Portraits of Wildflowers

Perspectives on Nature Photography

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Goldeneye Flowering in Fort Davis 9457

Although 400 miles west of home in the Trans-Pecos, I noticed a few old friends that also grow natively in Austin. Pecan and cottonwood and mesquite trees were among them, and so was Viguiera dentata, a bush known as goldeneye or sunflower goldeneye. Here you see one flowering on the grounds of the old Fort Davis on November 20. Thanks to Prof. Michael Powell of Sul Ross State University for confirming the identification.

Before leaving Austin for west Texas I’d noticed a few flowers on several goldeneye bushes in my Great Hills neighborhood, but nothing to write home (i.e. to you) about. Within a couple of weeks of my return, though, I found that some of the goldeneyes in northwest Austin were putting on a good show. Below is an example of one from Arboretum Blvd. late on the afternoon of December 4.

Goldeneye Densely Flowering 0660

© 2015 Steven Schwartzman

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Written by Steve Schwartzman

December 16, 2015 at 4:40 AM

9 Responses

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  1. beautiful

    DailyMusings

    December 16, 2015 at 4:53 AM

  2. Indeed, they do bring cheer.

    Melissa Pierson

    December 16, 2015 at 8:30 AM

    • As I drove around the neighborhood this morning I still noticed some of these flowers, even if they’re not nearly as profuse as in the photograph from 12 days ago. Still cheerful, however.

      Steve Schwartzman

      December 16, 2015 at 12:43 PM

  3. Truly gorgeous color, so appreciated this time of year in the more northern part of the country.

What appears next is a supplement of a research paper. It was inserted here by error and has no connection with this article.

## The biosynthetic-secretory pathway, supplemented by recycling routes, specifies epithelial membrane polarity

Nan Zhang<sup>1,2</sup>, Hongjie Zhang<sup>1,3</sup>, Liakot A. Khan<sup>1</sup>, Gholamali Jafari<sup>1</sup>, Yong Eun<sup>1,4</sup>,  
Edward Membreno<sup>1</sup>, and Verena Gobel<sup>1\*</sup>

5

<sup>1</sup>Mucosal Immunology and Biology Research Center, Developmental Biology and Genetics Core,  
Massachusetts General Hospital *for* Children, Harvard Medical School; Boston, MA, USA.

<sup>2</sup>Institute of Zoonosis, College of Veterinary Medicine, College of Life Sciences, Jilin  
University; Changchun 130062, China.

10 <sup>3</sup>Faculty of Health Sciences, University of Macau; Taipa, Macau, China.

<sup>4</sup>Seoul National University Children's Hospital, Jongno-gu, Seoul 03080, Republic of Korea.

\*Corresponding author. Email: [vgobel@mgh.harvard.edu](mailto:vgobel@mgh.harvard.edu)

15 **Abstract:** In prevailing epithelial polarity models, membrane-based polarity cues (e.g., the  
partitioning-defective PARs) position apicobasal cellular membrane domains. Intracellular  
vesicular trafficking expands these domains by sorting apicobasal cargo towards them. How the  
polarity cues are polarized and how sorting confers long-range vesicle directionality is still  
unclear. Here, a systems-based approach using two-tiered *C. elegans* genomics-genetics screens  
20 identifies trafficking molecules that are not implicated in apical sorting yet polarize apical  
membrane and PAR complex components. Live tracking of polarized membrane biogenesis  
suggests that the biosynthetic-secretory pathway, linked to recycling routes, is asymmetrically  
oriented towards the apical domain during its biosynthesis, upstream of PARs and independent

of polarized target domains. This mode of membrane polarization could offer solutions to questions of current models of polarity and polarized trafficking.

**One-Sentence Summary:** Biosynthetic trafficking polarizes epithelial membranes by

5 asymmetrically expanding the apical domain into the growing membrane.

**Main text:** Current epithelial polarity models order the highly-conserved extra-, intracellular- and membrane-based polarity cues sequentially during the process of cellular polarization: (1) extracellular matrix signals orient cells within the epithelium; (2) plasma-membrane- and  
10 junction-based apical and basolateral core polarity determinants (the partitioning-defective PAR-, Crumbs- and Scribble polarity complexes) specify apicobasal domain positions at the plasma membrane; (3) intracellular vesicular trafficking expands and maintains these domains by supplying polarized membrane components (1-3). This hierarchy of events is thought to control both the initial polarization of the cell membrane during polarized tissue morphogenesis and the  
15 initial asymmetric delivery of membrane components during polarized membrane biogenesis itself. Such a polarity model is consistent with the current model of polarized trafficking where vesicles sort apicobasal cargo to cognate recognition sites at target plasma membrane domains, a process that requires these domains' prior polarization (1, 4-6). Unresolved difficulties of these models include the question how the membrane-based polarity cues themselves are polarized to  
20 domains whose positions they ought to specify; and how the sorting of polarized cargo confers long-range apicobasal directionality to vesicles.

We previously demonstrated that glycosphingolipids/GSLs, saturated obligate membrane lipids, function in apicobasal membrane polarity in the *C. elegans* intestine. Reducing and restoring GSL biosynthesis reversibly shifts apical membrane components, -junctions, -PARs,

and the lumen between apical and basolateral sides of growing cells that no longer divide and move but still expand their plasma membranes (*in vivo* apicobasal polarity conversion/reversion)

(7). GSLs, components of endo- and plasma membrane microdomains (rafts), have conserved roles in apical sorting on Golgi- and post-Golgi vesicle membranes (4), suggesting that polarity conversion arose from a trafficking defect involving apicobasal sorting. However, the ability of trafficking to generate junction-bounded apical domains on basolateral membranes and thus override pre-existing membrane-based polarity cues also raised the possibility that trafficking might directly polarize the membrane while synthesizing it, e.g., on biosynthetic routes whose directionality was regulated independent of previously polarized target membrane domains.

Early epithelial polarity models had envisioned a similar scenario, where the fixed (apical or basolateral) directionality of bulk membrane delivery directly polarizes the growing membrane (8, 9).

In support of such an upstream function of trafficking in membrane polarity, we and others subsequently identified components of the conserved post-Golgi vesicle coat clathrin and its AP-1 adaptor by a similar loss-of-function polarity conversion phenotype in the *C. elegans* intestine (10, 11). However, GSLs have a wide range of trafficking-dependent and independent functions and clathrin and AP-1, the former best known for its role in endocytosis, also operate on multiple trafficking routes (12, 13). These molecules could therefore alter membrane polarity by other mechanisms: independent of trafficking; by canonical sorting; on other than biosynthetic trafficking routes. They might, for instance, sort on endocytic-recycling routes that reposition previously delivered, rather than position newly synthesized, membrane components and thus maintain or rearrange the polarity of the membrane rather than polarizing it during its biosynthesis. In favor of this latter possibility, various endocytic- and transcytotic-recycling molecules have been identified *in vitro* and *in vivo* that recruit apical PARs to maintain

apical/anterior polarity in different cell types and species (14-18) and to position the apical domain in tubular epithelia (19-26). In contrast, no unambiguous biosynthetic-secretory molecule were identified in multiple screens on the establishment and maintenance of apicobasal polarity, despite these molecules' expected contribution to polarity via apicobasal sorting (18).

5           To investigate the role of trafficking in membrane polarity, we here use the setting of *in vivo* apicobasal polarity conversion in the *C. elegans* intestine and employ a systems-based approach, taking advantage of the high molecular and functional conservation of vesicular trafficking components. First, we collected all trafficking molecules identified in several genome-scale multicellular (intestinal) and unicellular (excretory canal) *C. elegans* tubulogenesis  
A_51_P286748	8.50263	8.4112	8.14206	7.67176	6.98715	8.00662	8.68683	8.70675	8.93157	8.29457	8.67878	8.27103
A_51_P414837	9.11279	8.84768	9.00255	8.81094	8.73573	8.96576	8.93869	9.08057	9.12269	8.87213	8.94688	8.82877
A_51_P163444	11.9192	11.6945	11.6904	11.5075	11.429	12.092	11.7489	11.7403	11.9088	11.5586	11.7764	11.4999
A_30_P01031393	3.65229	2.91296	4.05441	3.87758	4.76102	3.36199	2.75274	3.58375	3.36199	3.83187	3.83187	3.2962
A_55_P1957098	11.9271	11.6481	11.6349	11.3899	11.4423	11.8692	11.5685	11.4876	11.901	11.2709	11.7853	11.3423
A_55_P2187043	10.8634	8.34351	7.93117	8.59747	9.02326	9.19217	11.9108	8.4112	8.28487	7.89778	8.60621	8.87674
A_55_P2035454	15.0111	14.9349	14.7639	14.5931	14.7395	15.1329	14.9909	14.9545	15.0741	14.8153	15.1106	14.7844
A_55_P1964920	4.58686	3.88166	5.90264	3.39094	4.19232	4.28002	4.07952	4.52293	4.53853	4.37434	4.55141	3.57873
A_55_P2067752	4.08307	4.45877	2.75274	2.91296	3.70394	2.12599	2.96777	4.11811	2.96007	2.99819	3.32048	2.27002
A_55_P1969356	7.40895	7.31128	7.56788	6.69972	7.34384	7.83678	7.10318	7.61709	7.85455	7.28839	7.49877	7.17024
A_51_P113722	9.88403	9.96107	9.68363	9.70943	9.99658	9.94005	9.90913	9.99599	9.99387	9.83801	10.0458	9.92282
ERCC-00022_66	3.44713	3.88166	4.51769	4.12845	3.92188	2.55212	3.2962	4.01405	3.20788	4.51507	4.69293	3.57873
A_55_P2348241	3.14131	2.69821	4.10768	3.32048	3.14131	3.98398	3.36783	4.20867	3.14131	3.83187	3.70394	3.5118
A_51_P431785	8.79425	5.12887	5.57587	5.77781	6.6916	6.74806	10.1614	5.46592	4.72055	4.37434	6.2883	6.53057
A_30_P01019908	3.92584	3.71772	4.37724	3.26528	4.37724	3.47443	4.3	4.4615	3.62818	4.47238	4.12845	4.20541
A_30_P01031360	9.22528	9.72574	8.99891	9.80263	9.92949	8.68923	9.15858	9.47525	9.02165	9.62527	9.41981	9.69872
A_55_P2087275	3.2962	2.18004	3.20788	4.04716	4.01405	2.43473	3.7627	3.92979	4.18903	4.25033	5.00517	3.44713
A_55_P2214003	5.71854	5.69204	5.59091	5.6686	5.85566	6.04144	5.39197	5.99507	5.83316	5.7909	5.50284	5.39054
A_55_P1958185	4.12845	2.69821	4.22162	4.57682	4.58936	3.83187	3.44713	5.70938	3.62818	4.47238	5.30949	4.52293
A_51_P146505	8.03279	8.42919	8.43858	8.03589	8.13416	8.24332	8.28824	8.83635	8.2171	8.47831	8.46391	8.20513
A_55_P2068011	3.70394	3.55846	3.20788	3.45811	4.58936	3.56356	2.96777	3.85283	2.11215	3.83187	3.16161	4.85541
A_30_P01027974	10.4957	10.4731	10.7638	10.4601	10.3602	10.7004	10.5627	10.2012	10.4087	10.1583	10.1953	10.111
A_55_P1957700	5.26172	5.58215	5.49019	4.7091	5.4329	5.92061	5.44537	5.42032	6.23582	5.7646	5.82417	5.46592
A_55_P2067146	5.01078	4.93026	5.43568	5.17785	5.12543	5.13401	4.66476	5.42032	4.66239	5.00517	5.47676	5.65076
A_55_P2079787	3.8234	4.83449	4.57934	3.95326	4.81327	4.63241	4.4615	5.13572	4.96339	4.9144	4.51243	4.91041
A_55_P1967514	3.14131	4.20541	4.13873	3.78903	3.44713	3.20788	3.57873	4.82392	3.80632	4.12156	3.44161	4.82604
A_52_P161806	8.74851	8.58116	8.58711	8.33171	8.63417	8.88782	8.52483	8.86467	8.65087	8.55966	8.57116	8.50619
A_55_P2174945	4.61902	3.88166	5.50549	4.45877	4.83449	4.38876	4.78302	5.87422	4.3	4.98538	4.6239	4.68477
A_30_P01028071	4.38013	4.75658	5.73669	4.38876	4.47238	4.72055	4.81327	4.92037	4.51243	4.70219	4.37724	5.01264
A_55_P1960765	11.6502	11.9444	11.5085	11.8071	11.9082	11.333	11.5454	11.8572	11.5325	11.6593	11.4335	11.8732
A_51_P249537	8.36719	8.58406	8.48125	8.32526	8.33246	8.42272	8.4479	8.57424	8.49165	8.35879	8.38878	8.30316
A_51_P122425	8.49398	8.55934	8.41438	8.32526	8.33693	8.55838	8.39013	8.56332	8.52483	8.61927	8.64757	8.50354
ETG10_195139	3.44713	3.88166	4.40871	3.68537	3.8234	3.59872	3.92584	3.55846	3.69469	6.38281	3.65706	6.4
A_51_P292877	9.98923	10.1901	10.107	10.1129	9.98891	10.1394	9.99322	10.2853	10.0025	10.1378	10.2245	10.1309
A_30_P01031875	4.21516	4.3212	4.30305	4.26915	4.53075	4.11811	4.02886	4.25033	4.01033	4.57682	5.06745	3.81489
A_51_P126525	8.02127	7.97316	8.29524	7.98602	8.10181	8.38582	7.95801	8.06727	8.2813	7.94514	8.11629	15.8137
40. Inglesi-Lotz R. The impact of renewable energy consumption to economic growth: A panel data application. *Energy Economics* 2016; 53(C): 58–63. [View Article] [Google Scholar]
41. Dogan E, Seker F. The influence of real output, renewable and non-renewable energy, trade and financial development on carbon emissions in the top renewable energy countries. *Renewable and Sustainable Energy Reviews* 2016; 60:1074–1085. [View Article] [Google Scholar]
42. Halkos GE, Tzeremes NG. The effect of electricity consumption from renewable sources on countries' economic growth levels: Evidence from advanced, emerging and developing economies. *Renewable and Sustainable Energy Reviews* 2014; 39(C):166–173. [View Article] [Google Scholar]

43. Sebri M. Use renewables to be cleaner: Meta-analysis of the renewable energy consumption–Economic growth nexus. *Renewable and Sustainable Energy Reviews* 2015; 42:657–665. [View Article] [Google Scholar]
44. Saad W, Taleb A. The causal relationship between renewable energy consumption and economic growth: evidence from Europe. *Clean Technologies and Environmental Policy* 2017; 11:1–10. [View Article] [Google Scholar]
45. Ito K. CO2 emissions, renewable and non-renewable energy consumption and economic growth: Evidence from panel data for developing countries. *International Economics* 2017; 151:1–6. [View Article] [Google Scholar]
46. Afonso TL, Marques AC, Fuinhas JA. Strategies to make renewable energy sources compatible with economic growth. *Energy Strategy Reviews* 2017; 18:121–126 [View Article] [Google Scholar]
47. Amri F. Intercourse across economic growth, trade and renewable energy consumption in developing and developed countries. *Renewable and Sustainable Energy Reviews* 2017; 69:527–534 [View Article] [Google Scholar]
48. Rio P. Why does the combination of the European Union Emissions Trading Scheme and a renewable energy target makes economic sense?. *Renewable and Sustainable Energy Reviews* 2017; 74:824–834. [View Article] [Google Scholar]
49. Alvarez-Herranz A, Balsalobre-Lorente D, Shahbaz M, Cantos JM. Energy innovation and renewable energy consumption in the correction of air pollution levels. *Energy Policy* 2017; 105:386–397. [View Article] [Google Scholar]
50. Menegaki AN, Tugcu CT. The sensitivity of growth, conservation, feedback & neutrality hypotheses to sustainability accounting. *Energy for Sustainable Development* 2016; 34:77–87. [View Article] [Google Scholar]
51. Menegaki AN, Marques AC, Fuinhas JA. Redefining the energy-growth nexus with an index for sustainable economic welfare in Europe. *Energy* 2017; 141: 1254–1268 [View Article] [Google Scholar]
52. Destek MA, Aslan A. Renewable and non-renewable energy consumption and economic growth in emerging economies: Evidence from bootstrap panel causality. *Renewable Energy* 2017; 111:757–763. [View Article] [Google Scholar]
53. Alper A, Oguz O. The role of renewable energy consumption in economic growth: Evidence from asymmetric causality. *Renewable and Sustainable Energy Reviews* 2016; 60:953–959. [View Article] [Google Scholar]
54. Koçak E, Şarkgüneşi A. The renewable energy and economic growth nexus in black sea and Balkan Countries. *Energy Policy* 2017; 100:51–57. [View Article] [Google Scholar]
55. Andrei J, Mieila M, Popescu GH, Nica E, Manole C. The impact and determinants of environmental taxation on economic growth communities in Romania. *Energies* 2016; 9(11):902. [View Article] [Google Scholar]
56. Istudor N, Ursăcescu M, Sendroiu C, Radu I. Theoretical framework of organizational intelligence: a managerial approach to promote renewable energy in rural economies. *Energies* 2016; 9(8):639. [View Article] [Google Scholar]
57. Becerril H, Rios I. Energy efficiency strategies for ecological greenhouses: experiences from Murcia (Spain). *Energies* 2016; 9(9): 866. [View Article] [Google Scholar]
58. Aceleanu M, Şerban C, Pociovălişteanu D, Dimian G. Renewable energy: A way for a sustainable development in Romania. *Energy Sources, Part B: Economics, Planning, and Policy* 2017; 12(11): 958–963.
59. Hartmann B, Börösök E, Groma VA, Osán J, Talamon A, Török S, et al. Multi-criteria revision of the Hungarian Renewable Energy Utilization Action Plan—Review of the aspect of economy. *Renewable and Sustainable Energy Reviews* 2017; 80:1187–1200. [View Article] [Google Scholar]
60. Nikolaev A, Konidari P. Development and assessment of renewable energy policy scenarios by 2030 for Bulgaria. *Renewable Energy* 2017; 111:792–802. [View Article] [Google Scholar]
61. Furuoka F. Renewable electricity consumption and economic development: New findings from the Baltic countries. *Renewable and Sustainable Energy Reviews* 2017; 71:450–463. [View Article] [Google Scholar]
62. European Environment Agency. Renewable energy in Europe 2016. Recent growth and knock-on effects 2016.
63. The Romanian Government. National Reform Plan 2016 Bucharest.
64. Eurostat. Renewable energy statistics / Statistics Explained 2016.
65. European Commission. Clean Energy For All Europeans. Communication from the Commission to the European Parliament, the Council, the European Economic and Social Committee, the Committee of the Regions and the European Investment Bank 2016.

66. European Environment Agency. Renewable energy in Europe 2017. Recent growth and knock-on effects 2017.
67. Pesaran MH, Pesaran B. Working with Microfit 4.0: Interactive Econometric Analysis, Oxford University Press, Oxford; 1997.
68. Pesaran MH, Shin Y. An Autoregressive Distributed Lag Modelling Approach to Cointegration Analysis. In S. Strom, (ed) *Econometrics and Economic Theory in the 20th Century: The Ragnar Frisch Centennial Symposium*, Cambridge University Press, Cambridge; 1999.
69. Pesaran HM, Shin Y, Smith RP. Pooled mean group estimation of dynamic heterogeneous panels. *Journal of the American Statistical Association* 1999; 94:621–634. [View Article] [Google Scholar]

Charlie@Seattle Trekker

    December 17, 2015 at 1:29 AM

    • We don’t have a lot of wildflowers left now but we still have some. While driving two days ago I saw some sunflowers.

      Steve Schwartzman

      December 17, 2015 at 7:05 AM

  4. When I was cruising the countryside on Thanksgiving, I was surprised to find a half-dozen beautiful yellow species still blooming. They were sparse, but they were there. I recognized greenthread and broom, but I still haven’t identified the others. What I do know is that none was goldeneye, since none had that beautiful golden eye.

    Speaking of golden, I had a most interesting experience this week. There’s a large stand of aquatic grasses on the north side of the Kemah-Seabrook bridge. On Tuesday afternoon, in bright sunshine, the grasses were as gold as a wheatfield. Yesterday it was cloudy, and they appeared to be rusty-red and green. Today, it’s blue skies and sun again, so I’m eager to have another look, and see if it was the light making the difference, or whether they might actually have turned color overnight. Lesson: the “same” place isn’t always the same.

    shoreacres

    December 17, 2015 at 8:37 AM

    • Your lesson of the same place not always being the same place is one that I learned early-on in my photography of native plants. After finding an excellent stand of flowering verbenas out near Lake Travis one spring, I went back to the spot at the same time the following year and found: nothing; not a single verbena flower in sight.

      Let’s see if the color of your aquatic grasses is intrinsic or due to the quality of the light, or possibly both.

      Steve Schwartzman

      December 17, 2015 at 8:54 AM

  5. […] as Viguiera stenoloba, making it a genus-mate of the sunflower goldeneye, Viguiera dentata, that you saw recently. However, Prof. Michael Powell of Sul Ross State University in Alpine, who identified this […]


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